Once the 12 brackets have been cut down and all the holes drilled, pairs of brackets should be fixed together at 90 degrees using 3 x 3mm pop rivets, using the existing holes. Some filing of the rivets may be needed to clear the servo mounting brackets on either side as they swing past.

And here’s the first prototype arm, complete with servos –  1 down, 5 to go…

I also intend to add ‘legs’ to the end of each arm, a short length of aluminium tubing with a flexible nylon inner part, sprung loaded, to operate limit switches. This is my initial try, but I think that something half this length will work out better!

Note that I have also used these splined metal servo discs in place of the plastic ones supplied with the servos, as they are cheap to buy and give a more accurate fit. They come with 3mm screws, so are easy to fit.

The bracket sets also come with 8mm solid brass bearings with a 3mm bore, I intend to replace these with flanged ball bearings, type F693ZZ, once again ordered from China for around 22p each. Anything that reduces the load on the servos is a worthwhile improvement. I am also awaiting delivery on some servo cable extension leads, so with luck, by the time these parts all arrive, I’ll have finished the other 5 legs and can make a start on connecting everything together and looking at some software design.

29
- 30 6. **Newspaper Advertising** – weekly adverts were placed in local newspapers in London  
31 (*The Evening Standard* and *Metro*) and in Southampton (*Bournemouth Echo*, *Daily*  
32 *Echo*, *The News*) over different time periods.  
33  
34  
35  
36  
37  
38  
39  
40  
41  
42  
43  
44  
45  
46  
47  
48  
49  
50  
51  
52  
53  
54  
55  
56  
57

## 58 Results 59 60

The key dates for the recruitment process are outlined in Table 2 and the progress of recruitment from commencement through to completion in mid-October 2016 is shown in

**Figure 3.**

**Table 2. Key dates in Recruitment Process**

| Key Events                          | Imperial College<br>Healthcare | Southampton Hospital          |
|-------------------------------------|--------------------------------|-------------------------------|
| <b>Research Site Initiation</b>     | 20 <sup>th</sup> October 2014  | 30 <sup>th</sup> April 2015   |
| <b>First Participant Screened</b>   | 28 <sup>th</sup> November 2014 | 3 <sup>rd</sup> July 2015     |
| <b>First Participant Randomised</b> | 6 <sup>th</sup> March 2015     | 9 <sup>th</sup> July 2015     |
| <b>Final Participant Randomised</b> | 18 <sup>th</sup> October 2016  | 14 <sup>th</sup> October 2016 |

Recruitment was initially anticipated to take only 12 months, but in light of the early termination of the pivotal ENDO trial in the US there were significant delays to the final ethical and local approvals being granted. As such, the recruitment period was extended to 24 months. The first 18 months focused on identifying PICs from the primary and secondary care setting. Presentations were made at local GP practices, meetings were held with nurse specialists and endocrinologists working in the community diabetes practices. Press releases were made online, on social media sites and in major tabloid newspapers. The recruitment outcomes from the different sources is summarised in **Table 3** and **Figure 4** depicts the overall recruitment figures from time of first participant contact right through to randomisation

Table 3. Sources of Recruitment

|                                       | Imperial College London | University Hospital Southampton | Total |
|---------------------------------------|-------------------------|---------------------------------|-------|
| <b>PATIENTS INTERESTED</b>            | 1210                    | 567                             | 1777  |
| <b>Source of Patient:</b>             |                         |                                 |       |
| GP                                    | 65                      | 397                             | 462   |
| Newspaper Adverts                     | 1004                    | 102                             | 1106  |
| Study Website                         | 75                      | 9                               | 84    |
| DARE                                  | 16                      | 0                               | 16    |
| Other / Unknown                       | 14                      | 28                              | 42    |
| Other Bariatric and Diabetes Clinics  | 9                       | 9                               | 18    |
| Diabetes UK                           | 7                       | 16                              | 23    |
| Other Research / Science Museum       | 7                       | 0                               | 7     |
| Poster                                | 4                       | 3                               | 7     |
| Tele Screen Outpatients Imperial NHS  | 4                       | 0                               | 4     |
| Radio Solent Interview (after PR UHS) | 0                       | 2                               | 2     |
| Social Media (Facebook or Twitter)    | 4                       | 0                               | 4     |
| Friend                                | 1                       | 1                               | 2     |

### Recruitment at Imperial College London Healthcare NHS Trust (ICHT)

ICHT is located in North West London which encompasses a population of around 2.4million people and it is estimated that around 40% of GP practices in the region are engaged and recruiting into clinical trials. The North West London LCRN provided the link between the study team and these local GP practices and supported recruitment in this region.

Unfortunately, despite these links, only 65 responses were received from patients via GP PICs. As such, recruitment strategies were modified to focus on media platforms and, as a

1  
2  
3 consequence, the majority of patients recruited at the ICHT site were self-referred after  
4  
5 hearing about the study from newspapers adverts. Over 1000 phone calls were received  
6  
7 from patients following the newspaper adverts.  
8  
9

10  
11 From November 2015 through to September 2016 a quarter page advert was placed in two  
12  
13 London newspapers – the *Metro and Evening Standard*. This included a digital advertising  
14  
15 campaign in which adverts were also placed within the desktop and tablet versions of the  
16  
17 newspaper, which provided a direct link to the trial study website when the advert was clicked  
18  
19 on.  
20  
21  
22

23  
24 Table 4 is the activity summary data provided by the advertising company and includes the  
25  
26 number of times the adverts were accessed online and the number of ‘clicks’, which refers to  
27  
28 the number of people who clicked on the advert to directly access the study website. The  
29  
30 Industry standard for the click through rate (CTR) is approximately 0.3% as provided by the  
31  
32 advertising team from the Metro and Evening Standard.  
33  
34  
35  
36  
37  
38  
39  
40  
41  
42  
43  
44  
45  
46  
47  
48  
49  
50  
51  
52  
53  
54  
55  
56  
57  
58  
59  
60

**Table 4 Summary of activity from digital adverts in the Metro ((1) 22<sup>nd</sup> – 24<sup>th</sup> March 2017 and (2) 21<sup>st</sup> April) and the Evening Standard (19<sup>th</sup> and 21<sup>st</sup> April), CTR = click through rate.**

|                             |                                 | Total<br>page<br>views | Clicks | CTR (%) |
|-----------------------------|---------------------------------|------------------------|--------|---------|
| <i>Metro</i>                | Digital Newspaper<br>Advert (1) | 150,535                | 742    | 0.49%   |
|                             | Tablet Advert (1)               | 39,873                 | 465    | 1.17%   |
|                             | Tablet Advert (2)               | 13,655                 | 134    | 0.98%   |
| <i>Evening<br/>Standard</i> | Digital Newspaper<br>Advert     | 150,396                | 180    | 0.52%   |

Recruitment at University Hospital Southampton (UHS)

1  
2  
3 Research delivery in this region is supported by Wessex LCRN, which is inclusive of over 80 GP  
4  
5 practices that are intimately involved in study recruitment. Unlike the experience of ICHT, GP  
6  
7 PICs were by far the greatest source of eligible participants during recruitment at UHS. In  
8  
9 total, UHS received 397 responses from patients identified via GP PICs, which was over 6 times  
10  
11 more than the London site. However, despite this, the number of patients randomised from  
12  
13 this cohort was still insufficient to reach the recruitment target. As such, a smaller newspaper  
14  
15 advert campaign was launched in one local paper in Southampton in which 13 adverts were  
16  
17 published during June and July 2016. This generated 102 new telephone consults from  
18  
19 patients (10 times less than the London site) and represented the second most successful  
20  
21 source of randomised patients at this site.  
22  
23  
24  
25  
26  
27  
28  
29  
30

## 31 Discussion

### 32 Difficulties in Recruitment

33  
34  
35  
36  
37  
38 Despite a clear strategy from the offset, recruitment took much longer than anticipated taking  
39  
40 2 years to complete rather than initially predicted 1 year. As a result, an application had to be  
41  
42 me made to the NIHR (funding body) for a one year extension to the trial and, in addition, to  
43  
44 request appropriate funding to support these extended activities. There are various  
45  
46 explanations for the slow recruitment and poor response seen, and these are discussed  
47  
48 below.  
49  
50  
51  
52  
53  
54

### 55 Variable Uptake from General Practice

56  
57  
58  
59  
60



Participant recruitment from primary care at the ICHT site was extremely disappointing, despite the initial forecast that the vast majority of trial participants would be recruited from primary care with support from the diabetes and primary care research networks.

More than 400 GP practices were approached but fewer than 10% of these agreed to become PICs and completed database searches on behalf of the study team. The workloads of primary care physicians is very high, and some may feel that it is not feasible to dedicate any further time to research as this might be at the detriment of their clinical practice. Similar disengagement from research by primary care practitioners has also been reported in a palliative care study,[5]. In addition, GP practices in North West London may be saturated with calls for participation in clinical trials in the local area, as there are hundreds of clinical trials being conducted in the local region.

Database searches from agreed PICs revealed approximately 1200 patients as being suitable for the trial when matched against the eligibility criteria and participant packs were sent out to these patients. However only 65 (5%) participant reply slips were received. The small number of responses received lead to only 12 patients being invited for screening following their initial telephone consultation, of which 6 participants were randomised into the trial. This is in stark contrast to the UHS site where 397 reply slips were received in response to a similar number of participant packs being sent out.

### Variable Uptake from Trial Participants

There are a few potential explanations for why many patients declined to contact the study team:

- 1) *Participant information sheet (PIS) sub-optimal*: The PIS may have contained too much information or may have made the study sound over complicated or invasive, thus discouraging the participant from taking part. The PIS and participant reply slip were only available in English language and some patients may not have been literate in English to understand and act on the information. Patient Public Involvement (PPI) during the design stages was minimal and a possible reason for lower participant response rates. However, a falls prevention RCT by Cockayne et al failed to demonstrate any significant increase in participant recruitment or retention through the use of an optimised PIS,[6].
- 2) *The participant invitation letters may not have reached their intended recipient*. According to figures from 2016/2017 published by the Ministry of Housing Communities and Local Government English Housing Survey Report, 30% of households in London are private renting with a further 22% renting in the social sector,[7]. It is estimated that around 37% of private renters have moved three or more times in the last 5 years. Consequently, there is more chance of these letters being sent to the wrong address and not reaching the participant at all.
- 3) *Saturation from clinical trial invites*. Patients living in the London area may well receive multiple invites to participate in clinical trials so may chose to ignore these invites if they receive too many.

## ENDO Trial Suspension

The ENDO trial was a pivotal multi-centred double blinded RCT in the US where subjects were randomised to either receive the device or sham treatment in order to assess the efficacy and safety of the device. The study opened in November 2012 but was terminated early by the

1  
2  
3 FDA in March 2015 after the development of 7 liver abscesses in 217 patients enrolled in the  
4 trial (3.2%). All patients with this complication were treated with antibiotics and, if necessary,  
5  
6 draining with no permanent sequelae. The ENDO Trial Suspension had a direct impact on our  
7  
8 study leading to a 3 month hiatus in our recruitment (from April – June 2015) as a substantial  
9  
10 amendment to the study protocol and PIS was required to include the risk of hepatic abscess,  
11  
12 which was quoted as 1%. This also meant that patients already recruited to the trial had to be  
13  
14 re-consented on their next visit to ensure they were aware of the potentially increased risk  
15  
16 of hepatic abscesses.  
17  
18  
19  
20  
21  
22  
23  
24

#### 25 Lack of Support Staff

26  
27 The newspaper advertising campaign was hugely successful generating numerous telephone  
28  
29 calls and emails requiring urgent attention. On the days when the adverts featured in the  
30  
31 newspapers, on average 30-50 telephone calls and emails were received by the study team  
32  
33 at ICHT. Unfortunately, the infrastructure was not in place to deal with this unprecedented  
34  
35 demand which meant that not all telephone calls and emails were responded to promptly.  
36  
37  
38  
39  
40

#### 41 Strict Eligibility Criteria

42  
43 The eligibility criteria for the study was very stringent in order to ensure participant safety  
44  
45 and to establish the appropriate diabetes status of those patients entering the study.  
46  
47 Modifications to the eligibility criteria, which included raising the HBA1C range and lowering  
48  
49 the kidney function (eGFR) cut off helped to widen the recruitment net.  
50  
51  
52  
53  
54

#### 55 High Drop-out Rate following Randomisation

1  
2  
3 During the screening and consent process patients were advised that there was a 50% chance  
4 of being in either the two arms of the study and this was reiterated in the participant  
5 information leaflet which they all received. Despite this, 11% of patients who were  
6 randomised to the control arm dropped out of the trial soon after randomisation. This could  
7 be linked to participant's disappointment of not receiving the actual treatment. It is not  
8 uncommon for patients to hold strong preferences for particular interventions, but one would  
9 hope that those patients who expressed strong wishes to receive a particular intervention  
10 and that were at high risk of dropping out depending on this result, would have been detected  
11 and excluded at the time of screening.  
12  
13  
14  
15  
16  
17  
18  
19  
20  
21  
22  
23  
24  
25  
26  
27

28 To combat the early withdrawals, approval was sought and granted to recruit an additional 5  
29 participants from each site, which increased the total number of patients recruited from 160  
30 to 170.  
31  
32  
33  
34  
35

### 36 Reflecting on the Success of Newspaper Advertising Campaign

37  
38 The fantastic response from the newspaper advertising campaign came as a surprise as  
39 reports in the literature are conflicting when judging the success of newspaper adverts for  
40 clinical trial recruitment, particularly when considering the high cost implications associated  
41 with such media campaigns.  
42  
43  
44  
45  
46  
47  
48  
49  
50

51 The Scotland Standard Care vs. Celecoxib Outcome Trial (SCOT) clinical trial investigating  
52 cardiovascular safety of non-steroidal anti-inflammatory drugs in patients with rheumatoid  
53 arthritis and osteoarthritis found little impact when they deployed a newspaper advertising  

Fun with Lubuntu part 2

Well, I’m pleased to say that Lubuntu 16.04, the Long Term Support version of the Linux-based OS installed perfectly on my Dell Mini 9 netbook, with no sign of any screen corruption that I had previously experienced with version 17.10. However, I did avoid the option to download updated software during the installation process; this turned out to be a good move, as we shall see later.

Ethernet connection was immediate and automatic as soon as the cable was plugged in.